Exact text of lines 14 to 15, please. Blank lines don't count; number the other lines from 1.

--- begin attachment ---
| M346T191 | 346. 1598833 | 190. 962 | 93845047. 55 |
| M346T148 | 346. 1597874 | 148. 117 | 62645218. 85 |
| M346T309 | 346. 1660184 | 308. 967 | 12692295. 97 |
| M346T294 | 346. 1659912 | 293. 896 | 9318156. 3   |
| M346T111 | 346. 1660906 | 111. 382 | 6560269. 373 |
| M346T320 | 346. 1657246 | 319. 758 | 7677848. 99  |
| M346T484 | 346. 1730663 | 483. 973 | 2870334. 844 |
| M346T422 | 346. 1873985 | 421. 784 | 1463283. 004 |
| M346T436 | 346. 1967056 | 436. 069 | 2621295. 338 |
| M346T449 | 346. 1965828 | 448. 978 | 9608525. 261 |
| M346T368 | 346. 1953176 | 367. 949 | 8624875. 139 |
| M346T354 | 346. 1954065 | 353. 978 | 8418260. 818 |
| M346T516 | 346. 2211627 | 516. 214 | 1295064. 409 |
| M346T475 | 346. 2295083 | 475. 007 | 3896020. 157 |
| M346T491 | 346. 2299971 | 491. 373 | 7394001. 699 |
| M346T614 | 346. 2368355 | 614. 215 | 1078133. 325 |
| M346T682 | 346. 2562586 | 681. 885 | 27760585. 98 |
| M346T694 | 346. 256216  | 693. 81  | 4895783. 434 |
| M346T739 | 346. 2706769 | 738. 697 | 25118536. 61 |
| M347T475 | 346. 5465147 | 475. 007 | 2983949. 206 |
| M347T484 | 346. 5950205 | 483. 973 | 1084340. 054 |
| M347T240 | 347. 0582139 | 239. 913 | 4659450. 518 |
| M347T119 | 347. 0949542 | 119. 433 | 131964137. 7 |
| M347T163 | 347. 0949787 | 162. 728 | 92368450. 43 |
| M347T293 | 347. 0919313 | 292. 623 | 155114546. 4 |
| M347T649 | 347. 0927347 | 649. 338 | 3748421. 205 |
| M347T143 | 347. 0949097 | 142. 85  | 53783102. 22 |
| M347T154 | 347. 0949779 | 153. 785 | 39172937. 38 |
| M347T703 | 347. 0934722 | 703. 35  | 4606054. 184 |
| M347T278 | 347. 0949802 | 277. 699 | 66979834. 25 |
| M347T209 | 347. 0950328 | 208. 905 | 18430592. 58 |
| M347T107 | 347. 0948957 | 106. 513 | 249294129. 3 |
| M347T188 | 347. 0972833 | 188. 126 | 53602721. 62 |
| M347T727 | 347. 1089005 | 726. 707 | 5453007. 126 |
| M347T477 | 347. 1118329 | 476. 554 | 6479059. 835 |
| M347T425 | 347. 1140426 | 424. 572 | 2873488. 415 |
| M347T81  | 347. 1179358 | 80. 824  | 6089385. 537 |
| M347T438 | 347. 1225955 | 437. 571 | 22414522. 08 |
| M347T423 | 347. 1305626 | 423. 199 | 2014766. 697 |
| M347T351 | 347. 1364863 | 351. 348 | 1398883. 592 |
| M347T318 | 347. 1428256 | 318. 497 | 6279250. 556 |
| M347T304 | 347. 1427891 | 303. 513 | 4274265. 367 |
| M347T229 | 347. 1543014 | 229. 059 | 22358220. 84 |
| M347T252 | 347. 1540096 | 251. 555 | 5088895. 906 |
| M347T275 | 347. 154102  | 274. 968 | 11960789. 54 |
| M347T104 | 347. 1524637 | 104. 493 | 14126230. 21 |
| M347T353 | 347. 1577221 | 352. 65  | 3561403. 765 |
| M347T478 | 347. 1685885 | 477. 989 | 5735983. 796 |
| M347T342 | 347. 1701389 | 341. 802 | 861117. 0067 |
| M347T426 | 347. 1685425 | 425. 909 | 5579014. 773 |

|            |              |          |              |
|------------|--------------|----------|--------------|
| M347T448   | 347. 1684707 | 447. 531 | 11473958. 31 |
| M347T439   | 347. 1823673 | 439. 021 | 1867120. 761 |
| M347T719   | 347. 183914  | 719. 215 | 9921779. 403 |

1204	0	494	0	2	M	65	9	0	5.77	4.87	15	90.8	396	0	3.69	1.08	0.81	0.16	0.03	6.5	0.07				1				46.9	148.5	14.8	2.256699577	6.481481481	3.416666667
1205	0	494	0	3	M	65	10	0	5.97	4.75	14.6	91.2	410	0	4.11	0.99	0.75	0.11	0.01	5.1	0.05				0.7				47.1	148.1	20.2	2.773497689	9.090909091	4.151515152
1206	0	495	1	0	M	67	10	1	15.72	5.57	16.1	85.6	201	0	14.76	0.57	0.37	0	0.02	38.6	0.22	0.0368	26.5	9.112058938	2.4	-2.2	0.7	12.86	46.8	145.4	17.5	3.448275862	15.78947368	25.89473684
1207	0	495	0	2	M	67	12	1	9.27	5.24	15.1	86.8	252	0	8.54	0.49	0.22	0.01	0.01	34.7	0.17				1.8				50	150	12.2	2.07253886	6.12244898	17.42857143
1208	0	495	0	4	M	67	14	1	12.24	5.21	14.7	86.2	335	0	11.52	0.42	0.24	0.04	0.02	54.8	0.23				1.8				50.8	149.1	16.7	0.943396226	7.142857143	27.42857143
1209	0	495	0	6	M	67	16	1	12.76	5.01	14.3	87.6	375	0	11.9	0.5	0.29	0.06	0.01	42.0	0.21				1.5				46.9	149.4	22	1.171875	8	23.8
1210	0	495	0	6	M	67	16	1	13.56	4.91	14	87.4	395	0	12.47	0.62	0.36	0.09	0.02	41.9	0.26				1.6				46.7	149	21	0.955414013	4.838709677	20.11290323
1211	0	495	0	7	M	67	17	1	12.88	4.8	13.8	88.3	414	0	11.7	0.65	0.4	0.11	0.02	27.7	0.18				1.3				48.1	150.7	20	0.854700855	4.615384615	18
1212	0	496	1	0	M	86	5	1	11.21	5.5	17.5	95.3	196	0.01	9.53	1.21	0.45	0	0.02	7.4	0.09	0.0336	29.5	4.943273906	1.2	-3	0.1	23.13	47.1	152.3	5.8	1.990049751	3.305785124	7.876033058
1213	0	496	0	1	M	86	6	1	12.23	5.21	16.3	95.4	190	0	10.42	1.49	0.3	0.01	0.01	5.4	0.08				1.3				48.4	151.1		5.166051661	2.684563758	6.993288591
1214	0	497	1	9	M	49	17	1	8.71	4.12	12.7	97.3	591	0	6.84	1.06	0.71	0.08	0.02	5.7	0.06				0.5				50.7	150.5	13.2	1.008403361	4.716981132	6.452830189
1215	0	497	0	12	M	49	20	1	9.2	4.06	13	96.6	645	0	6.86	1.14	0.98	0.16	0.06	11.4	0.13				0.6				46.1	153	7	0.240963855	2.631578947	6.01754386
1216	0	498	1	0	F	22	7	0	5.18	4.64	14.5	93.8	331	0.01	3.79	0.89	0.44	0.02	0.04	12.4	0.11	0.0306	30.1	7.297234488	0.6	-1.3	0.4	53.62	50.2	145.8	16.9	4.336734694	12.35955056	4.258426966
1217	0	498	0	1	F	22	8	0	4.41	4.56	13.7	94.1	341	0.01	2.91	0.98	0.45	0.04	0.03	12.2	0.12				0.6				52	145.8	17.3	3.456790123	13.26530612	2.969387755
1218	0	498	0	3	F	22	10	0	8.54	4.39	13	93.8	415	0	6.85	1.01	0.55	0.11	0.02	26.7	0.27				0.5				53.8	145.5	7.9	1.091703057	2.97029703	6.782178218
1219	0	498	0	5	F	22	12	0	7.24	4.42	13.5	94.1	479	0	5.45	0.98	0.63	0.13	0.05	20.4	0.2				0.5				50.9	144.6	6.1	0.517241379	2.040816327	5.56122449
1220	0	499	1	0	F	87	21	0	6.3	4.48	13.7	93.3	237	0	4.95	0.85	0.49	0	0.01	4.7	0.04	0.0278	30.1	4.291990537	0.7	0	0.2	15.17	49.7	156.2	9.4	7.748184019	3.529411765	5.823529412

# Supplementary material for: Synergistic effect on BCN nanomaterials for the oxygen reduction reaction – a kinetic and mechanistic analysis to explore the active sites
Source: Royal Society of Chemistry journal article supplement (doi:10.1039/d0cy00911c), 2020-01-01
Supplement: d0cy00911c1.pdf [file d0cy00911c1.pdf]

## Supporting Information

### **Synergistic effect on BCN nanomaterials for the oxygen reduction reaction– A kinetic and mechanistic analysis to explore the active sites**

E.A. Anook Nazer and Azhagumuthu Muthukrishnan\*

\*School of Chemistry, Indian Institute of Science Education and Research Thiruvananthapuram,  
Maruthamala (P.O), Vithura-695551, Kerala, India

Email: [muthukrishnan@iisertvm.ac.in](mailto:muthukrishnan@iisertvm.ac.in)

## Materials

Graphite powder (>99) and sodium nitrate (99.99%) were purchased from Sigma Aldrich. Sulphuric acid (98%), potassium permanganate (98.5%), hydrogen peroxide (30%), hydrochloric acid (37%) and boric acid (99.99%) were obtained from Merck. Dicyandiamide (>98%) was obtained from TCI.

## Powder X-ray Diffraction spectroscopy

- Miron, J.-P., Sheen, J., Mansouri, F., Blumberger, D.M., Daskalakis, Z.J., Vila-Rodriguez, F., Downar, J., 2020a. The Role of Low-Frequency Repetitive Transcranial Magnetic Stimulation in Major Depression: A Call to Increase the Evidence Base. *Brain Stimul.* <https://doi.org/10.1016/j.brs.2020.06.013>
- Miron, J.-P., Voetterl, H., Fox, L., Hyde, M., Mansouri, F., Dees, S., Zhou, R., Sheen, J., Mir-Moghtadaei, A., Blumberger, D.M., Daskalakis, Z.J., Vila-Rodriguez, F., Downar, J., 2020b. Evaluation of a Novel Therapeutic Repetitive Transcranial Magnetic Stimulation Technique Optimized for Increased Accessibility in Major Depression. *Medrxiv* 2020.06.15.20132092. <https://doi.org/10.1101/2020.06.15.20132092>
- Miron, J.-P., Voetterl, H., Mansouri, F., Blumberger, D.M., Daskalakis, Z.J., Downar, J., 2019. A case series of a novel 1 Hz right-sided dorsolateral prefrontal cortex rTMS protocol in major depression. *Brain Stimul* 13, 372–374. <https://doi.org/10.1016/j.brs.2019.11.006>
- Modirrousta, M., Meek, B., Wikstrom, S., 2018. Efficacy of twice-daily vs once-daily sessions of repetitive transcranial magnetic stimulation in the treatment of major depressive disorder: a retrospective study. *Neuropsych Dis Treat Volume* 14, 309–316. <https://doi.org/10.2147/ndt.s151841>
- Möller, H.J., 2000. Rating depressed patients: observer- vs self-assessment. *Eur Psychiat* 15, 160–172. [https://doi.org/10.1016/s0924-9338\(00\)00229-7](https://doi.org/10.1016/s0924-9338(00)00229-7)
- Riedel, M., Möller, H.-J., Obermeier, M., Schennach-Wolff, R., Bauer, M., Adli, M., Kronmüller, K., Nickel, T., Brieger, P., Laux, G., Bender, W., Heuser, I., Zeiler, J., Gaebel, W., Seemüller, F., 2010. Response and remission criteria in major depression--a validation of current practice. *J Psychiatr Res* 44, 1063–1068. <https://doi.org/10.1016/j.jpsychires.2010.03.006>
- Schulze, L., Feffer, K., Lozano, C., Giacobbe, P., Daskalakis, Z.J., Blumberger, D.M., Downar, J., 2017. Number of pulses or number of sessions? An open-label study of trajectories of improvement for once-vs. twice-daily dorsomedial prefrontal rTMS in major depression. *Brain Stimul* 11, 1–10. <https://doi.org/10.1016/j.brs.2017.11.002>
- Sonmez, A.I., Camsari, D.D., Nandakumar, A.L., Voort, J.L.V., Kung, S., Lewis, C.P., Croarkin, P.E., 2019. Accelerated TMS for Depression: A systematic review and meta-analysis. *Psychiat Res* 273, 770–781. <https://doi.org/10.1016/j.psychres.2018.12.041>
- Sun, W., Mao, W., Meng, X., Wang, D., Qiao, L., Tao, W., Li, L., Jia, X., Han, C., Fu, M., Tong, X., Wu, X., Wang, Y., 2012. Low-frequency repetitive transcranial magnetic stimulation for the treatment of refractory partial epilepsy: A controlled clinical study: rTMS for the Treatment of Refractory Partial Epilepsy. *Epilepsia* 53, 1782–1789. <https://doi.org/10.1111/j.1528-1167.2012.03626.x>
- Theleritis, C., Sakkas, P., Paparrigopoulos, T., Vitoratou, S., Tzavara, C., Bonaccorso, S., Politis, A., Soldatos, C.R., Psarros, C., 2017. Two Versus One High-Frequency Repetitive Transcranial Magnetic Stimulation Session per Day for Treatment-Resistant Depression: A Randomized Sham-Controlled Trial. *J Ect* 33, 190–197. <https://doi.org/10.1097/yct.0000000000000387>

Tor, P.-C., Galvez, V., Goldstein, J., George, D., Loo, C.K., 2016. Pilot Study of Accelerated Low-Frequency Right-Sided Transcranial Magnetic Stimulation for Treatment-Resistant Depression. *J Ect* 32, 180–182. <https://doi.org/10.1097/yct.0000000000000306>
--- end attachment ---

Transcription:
| M346T475 | 346. 2295083 | 475. 007 | 3896020. 157 |
| M346T491 | 346. 2299971 | 491. 373 | 7394001. 699 |